It seems clear that Gniel can do significantly less damage at ACARA than at VCAA and he may not be able to do much damage at all. It is years until the next review of the F-10 Curriculum and, although ACARA’s secret pseudo-review of the senior curriculum is underway, there are only of couple of less important States sufficiently stupid to follow that curriculum. Beyond that, ACARA is such a thoroughly incompetent body it is practically impossible for Gniel to make it worse and not even Jesus Christ with a magic wand could make it better. The only remedies are for ACARA to be disbanded or for it to be ignored into oblivion. Given ACARA’s incompetence and our Federal system, the latter is an active possibility.

So, maybe that’s it. Maybe it is ok to have Gniel where he is, in Australia’s educational Macquarie Island. Still, I for one would be happy to chip in a few dollars to send Gniel to the other Macquarie Island, the one with penguins and seals. And no return ferries.

11 Replies to “Stephen Gniel Falls Upwards to ACARA”

  1. It is a fact (substantiated by the Bennett Review) that while CEO of the VCAA, Gniel oversaw numerous errors on exams, denied the existence of the 2022 Specialist Maths exam errors, and covered up those 2022 errors. Hardly the “wealth of knowledge, expertise and experience in education” that inspires confidence. The Senate Estimates hearing on 15 February 2023 was also less than enthusiastic. One might – vainly, it seems – hope that our education leaders are persons of integrity.

    Yes, as CEO of the ACARA for the next 3 years it’s hard to imagine any real damage will be inflicted (*), particularly relative to the damage done at the VCAA. It strikes me as a bit of a nothing position, apart from the fat cat salary. ACARA could be his Elba. It’s certainly an example of water finding its own level. And maybe the real Macquarie Island is on the horizon.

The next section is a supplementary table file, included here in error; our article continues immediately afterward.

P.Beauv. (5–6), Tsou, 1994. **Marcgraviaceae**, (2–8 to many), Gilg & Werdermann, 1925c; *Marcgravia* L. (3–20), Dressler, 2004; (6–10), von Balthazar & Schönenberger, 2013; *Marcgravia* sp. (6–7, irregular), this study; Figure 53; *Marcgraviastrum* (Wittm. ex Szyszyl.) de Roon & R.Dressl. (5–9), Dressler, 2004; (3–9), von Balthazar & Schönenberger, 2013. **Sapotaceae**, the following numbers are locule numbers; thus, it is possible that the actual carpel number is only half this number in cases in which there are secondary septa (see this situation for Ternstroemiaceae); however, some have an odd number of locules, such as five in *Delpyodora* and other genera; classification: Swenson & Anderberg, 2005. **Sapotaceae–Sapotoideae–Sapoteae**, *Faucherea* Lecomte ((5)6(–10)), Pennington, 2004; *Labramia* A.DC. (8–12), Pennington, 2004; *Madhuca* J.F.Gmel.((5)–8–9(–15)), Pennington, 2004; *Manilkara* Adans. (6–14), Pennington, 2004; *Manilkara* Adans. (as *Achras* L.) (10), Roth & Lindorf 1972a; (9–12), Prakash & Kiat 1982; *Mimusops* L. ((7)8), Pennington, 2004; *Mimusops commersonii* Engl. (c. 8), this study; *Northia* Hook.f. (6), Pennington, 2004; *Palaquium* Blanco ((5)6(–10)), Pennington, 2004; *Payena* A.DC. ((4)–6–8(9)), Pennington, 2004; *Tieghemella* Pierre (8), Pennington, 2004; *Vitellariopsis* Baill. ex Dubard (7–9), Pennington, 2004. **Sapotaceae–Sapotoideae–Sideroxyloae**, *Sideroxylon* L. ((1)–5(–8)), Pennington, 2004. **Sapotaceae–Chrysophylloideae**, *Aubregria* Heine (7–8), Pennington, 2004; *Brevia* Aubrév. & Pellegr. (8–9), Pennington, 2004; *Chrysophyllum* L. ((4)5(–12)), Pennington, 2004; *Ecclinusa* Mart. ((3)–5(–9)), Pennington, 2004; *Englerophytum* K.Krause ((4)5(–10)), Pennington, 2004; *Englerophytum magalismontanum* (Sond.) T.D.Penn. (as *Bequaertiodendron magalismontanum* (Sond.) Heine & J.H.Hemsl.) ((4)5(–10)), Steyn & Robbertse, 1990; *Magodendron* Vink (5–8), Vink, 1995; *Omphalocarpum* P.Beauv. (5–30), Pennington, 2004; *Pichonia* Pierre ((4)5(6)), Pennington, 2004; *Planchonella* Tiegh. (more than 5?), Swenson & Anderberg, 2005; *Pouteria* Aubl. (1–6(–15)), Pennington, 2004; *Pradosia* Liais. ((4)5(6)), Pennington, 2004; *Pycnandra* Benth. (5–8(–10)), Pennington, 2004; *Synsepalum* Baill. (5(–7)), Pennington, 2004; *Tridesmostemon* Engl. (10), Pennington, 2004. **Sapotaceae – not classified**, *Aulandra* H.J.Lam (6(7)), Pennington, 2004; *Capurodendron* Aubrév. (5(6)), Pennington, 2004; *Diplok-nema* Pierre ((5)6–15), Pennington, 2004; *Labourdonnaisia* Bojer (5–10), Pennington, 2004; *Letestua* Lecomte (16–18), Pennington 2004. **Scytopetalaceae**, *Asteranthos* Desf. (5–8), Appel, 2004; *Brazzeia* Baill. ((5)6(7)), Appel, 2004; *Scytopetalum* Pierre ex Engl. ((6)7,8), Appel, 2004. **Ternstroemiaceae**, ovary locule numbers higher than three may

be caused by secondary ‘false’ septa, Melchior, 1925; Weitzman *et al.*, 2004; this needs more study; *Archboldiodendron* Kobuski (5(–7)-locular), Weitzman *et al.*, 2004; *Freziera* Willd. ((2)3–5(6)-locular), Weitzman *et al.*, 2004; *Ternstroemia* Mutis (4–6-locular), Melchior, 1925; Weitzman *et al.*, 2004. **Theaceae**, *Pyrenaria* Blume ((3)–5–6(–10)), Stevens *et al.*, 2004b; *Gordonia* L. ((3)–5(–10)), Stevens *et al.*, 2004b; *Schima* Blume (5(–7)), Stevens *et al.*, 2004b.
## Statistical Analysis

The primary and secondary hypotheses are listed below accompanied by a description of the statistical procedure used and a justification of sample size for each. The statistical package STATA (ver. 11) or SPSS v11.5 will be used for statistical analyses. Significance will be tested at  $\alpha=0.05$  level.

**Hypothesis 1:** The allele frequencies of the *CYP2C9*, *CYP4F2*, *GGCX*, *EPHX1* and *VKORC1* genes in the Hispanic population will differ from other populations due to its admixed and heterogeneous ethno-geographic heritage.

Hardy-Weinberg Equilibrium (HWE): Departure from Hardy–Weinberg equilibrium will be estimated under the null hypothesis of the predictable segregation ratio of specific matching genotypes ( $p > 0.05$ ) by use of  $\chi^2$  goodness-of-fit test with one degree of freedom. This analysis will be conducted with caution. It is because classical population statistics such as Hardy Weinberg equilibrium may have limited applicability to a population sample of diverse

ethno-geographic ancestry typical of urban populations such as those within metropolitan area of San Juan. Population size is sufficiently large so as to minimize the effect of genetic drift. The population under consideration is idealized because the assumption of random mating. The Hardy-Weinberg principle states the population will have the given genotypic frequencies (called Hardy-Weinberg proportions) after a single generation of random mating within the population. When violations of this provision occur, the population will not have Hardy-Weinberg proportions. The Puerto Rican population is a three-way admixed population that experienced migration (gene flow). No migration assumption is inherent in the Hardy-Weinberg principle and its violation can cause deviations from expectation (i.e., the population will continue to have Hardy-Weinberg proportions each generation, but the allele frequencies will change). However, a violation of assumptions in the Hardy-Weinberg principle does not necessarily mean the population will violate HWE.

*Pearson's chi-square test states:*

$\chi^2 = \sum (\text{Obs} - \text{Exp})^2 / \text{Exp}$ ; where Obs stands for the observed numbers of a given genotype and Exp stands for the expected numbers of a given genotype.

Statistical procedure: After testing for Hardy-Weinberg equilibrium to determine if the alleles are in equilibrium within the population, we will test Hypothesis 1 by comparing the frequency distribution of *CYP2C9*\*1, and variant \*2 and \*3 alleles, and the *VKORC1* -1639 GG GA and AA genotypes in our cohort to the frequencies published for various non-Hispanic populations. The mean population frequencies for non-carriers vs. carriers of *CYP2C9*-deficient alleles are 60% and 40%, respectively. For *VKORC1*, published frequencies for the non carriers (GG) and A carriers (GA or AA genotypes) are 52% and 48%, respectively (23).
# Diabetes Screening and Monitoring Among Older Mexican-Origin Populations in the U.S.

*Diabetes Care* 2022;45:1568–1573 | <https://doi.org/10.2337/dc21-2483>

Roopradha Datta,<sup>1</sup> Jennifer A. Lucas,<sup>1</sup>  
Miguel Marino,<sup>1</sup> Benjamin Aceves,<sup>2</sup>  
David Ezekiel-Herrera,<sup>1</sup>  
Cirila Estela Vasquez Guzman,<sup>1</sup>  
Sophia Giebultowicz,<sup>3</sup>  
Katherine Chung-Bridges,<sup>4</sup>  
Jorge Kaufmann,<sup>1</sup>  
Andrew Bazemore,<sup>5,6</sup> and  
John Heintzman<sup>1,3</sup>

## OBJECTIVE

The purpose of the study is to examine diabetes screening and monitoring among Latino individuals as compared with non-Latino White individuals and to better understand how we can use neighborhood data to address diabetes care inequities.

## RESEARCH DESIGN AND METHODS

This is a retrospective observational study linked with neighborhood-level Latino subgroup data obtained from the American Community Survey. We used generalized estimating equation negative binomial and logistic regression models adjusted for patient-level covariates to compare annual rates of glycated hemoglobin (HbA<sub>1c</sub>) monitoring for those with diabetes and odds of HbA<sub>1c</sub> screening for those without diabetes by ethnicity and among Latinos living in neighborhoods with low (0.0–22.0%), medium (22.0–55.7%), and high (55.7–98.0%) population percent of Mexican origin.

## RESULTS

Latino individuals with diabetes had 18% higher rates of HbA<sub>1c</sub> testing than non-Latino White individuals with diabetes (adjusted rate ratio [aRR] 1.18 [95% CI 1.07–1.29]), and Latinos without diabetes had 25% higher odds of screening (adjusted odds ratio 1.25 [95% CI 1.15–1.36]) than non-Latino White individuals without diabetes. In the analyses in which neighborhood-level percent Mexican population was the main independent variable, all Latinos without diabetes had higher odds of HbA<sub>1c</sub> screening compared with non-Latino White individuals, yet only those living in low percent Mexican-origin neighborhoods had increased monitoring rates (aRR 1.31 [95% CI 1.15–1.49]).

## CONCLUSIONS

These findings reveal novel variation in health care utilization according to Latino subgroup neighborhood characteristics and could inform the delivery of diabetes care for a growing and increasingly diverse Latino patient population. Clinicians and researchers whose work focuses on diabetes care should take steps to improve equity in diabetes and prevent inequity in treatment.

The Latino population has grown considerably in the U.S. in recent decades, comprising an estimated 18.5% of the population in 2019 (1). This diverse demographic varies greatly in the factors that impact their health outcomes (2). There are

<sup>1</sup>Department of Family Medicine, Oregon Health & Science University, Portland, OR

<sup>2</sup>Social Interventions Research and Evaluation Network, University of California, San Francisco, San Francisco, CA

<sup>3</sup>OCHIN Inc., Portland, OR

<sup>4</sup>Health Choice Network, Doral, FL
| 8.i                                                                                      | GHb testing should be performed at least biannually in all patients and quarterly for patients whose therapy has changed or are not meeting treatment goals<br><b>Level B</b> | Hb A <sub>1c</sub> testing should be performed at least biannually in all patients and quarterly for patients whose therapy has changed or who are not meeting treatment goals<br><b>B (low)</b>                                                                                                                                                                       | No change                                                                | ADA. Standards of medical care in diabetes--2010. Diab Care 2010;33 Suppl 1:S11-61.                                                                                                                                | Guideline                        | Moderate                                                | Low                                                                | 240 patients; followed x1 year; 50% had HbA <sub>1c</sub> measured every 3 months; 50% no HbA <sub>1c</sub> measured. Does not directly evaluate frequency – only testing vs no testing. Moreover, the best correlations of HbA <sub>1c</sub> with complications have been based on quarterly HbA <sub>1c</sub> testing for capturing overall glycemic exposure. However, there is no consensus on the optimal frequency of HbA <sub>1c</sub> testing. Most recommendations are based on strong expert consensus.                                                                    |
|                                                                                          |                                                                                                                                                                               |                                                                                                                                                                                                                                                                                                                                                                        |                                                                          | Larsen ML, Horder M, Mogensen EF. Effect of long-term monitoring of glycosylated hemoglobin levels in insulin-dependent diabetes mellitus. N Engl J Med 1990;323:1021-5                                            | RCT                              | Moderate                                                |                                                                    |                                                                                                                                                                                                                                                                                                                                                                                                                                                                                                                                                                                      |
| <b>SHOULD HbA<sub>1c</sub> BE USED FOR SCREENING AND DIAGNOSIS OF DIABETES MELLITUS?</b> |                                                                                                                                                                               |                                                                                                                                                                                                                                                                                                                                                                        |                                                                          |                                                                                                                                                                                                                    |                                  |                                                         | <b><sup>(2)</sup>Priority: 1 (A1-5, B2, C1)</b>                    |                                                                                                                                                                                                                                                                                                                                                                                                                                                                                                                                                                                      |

* There probably won’t be students disadvantaged by missing out on scholarships, Premier’s Awards, or a higher University offer (unlike some 2022 Specialist Maths students). This continues to be covered up by the VCAA.

  2. I saw this in the public service, after a certain point, you fail upwards as you say Marty.

    The other thing to note is that merit has substantially lessened as a criterion in the public service these days. It’s far more about who you know these days than it used to be.

    1. Thanks, JJ. Do you think that applies at all levels, or just for the choosing of our Glorious Leaders?

      1. The fail upwards applies from a very senior level. Merit is pretty much gone everywhere but certainly at senior levels.

        1. Ah yes, the good old days, when we had public servants with intelligence and integrity. Like Jane Halton.

          1. The rot had well and truly set in by the time she got her job.

            Decline of merit is a multi-decade thing. Too many people think that the Liberals are responsible – it’s both parties.

            It’s a systemic issue and the system is broken.

            1. When do you think there was a lack of rot? I knew a CoS of a Minister in the Whitlam government, who I thought was a very intelligent and very principled guy, but I have no idea if he was typical.